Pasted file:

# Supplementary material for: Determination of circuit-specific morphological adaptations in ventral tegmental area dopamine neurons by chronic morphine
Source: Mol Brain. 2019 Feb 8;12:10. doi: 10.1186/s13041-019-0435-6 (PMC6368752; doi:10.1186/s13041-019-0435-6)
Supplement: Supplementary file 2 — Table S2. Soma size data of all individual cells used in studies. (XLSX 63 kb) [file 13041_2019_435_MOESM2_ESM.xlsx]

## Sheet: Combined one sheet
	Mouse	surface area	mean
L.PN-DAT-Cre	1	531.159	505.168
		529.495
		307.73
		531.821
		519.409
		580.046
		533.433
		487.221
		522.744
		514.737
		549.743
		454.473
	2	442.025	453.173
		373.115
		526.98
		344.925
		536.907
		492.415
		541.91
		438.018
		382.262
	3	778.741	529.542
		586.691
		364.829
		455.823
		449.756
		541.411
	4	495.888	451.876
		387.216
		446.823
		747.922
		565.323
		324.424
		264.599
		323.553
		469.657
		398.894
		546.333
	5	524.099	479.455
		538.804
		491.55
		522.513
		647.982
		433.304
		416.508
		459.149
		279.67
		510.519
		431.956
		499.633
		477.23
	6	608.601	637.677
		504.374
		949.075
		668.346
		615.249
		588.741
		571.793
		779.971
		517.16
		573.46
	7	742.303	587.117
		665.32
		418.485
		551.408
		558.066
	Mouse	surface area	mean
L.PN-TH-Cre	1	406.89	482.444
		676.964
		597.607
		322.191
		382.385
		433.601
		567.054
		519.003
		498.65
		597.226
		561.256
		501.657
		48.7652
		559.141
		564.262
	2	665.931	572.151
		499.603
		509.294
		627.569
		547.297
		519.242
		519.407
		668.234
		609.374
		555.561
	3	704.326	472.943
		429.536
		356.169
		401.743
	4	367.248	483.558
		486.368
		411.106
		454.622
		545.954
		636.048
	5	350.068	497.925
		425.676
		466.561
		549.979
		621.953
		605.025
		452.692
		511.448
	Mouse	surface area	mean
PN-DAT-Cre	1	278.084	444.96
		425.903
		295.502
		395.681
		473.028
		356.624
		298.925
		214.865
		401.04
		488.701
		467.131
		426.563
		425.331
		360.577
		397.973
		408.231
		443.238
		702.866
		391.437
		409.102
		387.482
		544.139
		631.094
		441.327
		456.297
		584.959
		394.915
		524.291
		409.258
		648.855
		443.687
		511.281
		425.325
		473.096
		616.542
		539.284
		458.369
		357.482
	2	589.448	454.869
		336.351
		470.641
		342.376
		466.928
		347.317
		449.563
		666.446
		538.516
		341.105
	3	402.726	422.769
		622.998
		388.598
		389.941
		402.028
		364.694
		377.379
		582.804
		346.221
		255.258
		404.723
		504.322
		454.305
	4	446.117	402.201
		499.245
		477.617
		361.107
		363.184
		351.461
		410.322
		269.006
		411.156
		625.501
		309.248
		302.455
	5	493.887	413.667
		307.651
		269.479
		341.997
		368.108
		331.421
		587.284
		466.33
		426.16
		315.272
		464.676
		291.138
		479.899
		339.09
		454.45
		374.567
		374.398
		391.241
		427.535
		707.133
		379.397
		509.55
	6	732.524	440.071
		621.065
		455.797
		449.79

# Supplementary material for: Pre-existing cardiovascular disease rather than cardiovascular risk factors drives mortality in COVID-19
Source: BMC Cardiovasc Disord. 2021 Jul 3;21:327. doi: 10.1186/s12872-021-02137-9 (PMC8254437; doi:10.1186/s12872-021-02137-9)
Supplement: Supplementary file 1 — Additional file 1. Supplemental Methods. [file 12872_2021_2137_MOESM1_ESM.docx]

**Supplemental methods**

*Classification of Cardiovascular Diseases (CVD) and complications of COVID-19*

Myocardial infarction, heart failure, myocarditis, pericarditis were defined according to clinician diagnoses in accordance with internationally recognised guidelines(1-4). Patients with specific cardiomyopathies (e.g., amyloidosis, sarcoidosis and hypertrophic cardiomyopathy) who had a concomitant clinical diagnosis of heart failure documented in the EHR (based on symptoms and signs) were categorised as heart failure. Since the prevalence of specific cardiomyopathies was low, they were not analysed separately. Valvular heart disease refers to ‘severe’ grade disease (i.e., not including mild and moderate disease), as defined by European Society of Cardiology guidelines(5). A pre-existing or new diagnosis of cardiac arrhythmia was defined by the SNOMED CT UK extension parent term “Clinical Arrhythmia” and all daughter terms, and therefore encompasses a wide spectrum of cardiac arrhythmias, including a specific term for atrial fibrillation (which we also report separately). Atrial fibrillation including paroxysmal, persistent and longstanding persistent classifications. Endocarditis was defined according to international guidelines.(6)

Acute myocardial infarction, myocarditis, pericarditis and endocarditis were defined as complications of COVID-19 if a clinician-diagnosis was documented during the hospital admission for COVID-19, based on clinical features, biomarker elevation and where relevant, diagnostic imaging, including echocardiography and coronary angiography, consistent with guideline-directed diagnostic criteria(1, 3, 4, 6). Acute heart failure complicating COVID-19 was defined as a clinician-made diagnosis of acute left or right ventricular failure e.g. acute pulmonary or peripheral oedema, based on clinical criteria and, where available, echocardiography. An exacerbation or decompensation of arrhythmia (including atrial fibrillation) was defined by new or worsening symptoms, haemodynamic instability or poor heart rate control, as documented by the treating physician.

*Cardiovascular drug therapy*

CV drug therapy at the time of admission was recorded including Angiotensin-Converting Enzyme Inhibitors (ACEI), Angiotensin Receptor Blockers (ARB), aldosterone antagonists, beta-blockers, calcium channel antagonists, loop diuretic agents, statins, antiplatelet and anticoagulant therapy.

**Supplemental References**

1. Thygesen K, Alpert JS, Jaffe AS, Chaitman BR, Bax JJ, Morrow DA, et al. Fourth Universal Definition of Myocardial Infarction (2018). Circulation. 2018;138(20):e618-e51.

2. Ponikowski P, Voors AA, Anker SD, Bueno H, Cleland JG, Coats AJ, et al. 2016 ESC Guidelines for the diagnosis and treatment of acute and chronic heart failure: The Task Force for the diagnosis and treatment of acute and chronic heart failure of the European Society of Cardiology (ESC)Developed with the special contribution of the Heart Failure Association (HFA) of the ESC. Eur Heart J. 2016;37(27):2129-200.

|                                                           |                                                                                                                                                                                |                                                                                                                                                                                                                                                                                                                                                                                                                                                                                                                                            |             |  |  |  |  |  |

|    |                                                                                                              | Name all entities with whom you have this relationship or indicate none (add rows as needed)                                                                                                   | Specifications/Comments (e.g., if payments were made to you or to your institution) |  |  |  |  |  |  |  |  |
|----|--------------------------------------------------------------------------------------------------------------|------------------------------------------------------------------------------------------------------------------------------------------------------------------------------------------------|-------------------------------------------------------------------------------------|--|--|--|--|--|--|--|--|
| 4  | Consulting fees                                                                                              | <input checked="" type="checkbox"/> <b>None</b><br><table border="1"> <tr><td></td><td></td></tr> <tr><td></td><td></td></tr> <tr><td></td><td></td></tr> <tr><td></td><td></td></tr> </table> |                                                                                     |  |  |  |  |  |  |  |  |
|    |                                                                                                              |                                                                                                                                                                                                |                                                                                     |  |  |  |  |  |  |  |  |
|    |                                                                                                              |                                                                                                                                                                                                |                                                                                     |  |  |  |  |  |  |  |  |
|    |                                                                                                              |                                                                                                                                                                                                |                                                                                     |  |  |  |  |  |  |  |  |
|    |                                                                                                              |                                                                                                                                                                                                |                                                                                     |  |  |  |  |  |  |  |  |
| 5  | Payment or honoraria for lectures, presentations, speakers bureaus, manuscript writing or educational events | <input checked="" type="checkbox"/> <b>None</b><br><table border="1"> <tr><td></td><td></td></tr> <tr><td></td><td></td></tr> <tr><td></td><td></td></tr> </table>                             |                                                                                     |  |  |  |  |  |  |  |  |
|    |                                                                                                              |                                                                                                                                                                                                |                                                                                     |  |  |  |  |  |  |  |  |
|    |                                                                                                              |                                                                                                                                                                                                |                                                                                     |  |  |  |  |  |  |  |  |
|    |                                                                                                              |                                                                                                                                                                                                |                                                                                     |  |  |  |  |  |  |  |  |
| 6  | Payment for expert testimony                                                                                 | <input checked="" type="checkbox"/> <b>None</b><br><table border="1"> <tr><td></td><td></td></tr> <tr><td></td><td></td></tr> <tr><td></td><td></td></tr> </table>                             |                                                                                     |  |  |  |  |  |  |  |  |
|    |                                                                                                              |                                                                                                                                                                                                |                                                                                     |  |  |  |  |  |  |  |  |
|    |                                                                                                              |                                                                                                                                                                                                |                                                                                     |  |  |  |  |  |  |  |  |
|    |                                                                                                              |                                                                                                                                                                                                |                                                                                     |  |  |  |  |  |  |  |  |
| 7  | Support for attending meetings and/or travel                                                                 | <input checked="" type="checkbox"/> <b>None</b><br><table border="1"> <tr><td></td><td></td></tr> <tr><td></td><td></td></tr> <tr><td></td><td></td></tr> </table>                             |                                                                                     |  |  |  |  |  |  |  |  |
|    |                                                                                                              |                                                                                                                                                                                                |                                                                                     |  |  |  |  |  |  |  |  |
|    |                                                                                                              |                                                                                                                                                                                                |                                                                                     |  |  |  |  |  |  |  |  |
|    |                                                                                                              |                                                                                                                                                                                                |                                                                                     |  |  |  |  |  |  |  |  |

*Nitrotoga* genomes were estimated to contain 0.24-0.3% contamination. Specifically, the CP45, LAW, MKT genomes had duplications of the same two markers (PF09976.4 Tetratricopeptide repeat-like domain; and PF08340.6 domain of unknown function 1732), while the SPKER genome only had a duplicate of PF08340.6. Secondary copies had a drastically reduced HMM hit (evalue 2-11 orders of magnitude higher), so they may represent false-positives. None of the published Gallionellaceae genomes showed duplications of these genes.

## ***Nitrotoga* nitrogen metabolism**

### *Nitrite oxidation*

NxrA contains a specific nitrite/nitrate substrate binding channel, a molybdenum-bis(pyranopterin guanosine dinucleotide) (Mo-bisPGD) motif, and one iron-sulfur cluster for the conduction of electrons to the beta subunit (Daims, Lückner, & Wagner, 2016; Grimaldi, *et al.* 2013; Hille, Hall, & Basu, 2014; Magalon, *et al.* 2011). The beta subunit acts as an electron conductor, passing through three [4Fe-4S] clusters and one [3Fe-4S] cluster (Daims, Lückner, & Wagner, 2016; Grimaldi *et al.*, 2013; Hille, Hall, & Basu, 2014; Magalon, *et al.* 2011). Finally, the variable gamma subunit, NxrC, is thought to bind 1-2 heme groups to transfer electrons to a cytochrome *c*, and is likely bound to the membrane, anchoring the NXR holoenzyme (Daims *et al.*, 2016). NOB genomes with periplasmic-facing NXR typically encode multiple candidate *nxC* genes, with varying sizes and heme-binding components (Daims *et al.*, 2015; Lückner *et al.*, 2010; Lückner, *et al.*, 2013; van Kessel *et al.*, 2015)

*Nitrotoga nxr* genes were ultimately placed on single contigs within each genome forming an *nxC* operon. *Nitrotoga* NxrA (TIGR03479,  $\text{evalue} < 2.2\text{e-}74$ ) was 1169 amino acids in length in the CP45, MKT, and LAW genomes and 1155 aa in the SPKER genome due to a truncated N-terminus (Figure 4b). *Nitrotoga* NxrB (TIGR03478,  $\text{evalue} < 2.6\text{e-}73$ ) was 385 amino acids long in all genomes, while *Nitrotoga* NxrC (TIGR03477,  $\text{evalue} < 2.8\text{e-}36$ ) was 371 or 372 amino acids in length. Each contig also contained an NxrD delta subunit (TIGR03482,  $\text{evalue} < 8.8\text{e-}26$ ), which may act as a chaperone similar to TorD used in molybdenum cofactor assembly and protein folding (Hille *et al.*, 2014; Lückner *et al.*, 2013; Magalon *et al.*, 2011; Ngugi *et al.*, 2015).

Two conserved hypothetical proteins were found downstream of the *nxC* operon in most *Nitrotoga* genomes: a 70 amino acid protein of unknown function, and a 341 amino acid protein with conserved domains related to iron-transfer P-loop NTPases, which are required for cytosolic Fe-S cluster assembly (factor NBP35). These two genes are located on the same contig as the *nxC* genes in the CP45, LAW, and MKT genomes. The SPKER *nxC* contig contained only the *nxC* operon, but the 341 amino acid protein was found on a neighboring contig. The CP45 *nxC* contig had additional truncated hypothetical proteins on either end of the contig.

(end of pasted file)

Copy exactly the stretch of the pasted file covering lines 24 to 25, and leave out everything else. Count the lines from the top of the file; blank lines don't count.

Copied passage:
		541.91
		438.018